Thursday, April 12, 2007

Maybe They Should, but It Was Not the Court's Place to Require It

One of the problems with the politicization of the courts is that the public does not understand their function. Too many people, including those in positions of leadership, treat the courts as quasi-legislatures.

Thus, an editorial in this morning's The Tennessean notes that Senator Lamar Alexander agreed with the recent U.S. Supreme Court ruling in Massachussetts et al vs. EPA. However, they don't really say what Alexander agreed with and imply by what follows that he agrees because he thinks that greenhouse gasses should be regulated. However, that is not what the court decided.

The court ruled that the plaintiffs in the case had standing to bring a cause of action in court, that the EPA had acted insufficiently on a request for rulemaking related to greenhouse gasses, and that the EPA does have standing to regulate on such issues. The two dissents in the case do not address whether the federal government should regulate greenhouse gasses. The dissent written by Chief Justice Roberts argues compellingly that the plaintiffs did not have standing to bring the suit. That offered by Justice Scalia contends that even if they had standing, that the case was decided wrongly, as the statute does not compel the agency to take the steps that the plaintiffs desired.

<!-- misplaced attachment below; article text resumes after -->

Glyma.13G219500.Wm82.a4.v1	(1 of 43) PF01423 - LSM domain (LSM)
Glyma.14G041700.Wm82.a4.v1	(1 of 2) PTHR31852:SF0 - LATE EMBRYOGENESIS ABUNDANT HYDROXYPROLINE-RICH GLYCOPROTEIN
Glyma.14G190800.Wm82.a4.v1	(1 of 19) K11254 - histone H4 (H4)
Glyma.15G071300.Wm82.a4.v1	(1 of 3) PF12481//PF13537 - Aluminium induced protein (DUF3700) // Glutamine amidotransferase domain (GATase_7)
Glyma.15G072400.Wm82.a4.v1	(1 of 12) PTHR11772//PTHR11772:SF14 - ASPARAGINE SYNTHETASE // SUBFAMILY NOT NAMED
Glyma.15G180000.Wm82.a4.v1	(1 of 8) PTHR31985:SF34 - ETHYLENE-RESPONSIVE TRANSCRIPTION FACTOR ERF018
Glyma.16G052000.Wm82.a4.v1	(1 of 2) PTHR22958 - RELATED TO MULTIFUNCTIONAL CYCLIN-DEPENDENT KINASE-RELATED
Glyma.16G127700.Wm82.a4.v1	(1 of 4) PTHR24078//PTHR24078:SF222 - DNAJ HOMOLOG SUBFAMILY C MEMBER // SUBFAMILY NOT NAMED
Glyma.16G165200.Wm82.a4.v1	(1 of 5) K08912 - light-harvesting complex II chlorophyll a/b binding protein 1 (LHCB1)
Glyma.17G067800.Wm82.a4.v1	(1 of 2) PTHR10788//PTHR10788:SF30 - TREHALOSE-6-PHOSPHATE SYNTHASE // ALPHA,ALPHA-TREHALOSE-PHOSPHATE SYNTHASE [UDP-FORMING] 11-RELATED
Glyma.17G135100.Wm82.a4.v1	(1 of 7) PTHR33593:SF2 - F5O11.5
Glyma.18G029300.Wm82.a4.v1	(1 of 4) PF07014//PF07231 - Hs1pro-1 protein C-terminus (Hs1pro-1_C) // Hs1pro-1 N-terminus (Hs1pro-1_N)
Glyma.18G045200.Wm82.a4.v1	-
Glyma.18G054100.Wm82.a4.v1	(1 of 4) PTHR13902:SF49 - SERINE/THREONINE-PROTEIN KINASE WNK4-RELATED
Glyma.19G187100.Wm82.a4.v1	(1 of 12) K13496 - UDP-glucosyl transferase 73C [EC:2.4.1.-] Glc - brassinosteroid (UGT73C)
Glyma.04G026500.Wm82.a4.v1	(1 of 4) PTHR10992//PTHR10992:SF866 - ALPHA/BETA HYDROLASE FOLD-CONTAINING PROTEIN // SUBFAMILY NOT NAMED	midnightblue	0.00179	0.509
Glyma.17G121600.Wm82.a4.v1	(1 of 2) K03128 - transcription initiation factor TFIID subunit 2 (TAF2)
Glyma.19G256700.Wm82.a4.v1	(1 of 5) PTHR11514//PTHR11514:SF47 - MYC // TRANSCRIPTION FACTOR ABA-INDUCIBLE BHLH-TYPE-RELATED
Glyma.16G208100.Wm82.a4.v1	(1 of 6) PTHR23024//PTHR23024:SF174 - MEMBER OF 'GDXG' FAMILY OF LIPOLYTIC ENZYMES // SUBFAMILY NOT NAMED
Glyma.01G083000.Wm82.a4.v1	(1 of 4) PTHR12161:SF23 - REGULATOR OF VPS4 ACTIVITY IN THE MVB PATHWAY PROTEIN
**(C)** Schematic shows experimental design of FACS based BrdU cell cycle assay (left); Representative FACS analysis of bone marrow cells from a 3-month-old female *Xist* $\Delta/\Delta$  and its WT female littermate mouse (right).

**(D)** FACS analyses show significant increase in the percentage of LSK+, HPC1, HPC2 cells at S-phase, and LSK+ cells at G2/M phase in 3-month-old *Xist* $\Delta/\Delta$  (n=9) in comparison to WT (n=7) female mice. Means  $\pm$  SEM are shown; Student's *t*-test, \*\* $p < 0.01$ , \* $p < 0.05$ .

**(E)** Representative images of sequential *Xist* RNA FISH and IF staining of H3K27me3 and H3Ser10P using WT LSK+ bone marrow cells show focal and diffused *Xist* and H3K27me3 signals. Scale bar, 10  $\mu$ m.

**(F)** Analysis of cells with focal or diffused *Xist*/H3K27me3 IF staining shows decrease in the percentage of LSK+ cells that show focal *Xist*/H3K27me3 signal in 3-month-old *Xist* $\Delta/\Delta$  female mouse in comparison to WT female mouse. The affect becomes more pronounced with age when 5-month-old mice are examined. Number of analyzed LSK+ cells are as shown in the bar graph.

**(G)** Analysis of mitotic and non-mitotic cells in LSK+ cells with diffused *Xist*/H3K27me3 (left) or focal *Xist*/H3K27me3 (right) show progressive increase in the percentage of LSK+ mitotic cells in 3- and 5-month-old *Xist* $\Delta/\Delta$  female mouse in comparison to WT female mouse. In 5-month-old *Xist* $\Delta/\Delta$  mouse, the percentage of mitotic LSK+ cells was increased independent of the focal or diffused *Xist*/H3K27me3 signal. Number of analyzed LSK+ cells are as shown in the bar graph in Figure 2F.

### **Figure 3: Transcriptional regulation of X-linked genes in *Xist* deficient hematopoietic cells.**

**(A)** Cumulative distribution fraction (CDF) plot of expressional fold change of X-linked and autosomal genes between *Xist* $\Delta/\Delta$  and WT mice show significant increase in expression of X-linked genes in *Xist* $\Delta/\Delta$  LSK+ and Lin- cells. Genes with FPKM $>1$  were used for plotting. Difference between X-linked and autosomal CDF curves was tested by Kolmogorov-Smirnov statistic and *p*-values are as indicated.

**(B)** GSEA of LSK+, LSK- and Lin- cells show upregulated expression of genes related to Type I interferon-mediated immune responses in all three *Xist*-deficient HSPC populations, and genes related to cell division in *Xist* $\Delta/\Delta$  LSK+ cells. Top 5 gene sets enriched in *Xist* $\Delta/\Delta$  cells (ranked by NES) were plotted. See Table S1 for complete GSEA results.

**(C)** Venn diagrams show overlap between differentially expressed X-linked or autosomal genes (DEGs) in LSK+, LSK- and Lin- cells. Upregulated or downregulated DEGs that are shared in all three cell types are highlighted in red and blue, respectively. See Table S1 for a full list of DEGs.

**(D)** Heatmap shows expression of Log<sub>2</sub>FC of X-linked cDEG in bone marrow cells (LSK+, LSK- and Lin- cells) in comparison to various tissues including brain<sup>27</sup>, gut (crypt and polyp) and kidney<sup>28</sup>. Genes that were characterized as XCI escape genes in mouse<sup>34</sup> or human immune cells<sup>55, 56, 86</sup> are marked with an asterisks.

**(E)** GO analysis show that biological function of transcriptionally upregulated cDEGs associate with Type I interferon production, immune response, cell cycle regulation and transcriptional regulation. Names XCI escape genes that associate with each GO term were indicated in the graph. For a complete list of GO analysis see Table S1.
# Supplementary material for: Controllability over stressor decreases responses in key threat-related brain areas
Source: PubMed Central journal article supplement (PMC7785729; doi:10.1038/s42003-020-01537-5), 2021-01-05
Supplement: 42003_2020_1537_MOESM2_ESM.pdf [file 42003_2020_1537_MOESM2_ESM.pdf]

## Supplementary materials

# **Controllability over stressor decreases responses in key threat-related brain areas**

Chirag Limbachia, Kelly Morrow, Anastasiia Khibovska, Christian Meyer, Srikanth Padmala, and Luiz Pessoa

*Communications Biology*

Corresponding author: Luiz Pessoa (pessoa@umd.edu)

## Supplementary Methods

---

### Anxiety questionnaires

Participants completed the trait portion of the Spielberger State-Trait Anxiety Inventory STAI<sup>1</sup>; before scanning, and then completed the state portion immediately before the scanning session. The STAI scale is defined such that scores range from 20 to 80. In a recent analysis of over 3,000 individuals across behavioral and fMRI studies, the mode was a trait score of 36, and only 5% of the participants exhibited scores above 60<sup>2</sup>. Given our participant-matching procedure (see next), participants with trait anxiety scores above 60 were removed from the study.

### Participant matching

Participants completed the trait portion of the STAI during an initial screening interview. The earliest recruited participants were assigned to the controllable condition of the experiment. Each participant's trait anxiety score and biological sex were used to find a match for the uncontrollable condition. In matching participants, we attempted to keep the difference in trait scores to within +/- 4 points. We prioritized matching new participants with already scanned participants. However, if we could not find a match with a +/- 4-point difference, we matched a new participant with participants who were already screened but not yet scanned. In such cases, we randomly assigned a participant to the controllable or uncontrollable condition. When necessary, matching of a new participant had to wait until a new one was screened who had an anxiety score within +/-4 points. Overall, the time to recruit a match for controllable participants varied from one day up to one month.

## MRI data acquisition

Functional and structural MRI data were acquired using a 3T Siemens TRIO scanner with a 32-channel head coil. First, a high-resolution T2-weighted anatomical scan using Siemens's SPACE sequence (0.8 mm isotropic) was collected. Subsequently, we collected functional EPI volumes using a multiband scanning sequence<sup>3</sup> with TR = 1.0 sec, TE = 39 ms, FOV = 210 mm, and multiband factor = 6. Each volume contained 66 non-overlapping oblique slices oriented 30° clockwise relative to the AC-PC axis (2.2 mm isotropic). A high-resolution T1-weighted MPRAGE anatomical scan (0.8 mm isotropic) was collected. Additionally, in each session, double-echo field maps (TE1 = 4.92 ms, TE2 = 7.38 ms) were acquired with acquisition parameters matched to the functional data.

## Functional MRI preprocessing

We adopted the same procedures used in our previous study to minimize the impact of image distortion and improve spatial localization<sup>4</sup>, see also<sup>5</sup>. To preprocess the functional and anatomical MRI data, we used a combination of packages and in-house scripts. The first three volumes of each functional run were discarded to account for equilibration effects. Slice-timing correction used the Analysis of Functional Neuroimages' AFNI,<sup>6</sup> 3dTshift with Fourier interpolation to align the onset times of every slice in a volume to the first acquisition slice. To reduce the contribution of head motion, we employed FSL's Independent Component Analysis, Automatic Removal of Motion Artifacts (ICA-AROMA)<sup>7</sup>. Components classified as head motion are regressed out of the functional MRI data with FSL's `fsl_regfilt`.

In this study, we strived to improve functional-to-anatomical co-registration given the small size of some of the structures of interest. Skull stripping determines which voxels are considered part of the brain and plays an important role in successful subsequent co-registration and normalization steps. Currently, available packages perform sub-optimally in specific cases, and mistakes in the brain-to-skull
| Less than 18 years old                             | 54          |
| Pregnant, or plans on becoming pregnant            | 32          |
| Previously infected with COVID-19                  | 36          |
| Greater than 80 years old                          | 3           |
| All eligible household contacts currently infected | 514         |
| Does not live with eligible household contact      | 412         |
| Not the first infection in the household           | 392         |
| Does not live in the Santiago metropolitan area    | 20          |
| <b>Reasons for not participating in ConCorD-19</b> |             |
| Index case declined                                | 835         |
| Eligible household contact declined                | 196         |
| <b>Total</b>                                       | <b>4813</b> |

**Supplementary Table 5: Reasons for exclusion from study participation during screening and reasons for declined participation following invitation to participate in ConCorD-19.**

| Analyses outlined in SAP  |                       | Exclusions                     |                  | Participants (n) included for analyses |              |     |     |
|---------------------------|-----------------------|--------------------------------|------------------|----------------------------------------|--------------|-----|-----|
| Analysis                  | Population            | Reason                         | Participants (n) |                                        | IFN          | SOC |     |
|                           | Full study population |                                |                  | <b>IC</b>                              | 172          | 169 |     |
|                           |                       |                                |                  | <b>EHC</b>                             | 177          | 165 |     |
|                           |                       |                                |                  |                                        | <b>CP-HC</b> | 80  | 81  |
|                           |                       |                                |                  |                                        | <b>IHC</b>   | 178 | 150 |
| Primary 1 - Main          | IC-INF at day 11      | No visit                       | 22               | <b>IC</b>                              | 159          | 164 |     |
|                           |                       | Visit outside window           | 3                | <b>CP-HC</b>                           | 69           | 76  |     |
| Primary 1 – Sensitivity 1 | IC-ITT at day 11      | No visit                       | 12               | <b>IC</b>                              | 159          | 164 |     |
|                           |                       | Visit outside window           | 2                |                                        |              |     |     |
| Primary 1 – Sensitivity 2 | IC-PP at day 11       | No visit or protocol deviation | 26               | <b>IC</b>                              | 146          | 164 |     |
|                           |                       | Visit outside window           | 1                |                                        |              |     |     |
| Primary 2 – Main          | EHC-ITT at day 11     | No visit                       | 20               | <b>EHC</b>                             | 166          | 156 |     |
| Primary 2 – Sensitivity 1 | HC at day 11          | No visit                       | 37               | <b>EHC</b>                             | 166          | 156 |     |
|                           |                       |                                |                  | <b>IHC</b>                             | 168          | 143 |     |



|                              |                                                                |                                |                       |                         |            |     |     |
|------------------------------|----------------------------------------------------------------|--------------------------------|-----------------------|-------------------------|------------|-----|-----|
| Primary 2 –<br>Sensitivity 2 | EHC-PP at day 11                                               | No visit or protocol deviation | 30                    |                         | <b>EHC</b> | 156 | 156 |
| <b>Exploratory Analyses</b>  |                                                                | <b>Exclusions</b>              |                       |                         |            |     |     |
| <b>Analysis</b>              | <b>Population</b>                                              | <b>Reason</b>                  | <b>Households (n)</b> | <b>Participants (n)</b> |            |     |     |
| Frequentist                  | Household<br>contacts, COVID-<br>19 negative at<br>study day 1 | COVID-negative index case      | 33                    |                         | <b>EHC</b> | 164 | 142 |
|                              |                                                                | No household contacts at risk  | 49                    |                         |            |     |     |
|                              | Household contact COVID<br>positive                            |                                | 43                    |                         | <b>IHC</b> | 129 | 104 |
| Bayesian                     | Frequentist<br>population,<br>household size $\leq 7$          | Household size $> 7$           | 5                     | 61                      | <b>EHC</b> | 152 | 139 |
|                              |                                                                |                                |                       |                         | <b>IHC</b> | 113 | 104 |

But, for those who skipped those civics classes from high school dealing with the proper function of the courts, I would offer this line from the Chief Justice's dissent:

Petitioners’ difficulty in demonstrating causation and redressability is not surprising given the evident mismatch between the source of their alleged injury—catastrophic global warming—and the narrow subject matter of the Clean Air Act provision at issue in this suit.The mismatch suggests that petitioners’ true goal for this litigation may be more symbolic than anything else. The constitutional role of the courts, however, is to decide concrete cases—not to serve as a convenient forum for policy debates.

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